Wednesday, October 14, 2009

How Words Combine

Last night I picked up Nick Hornby's new novel Juliet, Naked and was struck by how absolutely beautiful his writing is. How words become sentences and sentences become paragraphs and somehow those paragraphs become a story.

According to the Oxford Dicitonaries, there are 250,000 distinctive words in the English language (not including technical words and jargon). The Library of Congress, the oldest library in the nation and the largest in the world, houses 32 million books, only a fraction of the books ever printed. USA Today claims there are just under 175,000 books published every year, which averages out to be 479 books a day or almost 20 books an hour.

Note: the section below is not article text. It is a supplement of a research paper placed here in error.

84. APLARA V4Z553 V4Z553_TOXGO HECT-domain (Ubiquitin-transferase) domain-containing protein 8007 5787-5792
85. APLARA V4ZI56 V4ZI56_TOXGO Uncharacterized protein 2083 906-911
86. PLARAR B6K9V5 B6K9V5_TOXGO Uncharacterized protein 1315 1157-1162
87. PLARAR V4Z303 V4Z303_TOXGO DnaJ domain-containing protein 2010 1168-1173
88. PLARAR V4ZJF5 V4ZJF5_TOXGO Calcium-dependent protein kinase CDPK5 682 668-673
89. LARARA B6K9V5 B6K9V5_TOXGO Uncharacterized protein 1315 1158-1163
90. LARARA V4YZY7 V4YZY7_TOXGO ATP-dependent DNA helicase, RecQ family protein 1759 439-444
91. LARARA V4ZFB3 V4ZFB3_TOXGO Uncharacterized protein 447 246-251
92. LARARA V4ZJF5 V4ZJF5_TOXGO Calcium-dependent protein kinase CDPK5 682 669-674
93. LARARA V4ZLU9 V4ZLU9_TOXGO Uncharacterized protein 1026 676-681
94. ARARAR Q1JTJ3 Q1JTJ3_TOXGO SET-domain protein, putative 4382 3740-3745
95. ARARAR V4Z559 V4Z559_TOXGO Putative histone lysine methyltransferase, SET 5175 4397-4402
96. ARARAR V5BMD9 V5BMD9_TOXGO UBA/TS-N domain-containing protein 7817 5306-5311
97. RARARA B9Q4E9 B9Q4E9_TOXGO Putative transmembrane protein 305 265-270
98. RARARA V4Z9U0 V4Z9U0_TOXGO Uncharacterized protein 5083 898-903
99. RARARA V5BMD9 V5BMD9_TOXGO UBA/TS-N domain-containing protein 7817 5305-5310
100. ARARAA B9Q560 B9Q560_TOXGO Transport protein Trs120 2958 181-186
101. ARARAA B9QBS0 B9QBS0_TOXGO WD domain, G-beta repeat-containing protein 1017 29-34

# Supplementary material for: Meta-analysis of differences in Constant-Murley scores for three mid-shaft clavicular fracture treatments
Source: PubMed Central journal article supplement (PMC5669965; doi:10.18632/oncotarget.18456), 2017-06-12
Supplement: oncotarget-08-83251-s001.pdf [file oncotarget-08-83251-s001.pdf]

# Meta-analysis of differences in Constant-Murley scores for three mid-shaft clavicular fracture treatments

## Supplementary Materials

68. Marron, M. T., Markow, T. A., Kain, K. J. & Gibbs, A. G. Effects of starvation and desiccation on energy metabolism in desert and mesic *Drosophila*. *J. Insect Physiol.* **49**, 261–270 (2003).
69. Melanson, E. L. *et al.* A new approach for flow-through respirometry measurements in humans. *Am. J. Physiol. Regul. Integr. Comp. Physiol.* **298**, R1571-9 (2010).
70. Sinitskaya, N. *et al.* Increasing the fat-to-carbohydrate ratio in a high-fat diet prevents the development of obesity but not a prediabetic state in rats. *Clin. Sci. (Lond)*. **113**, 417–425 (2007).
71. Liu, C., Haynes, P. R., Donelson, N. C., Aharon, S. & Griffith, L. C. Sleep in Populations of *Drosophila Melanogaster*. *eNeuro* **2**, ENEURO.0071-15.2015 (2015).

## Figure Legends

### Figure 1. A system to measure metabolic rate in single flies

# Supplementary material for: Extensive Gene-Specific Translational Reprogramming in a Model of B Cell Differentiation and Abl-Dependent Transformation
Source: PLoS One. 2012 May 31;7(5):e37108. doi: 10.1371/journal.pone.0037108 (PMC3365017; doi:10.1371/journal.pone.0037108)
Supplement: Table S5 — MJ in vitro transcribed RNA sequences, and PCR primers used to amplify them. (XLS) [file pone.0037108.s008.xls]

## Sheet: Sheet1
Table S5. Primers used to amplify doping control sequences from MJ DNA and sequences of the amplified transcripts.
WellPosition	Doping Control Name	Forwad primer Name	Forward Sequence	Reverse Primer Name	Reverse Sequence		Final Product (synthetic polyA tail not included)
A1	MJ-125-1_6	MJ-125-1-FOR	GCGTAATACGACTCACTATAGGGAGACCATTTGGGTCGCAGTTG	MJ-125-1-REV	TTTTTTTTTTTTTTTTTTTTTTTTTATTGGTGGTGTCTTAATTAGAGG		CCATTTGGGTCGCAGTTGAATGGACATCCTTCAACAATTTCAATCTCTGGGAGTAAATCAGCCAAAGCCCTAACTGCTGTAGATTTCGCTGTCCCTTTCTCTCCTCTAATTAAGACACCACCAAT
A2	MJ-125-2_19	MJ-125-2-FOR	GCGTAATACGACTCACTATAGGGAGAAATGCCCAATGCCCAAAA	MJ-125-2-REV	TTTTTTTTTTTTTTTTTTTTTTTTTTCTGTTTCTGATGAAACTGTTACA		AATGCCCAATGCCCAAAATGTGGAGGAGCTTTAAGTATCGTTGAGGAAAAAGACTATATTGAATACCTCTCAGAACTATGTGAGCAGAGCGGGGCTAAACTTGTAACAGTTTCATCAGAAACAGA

With all this writing and so few words, it amazes me that something new is being written all the time, every day, every minute. Even if you don't count retellings, translations and nonfiction, this is still a mind-boggling amount of storytelling. And out of all these stories--out of the hundred or so books I read every year--books continue to move me and teach me and change me.

Every day people write things. They use the same words to express the same emotions and even tell the same stories. Yet each work is distinct. Each writer has his own voice. Each word somehow manages to hold a different meaning and convey a different image to each reader. We are human after all, and no two people see the same image. For no two people can stand in the same spot at the same time, just like no two words can ever combine to mean the same thing.

1 comment:

  1. Glad to hear that you like the new Hornby book. He's one of the few authors whose books my husband and I both enjoy, so I should pick up a copy.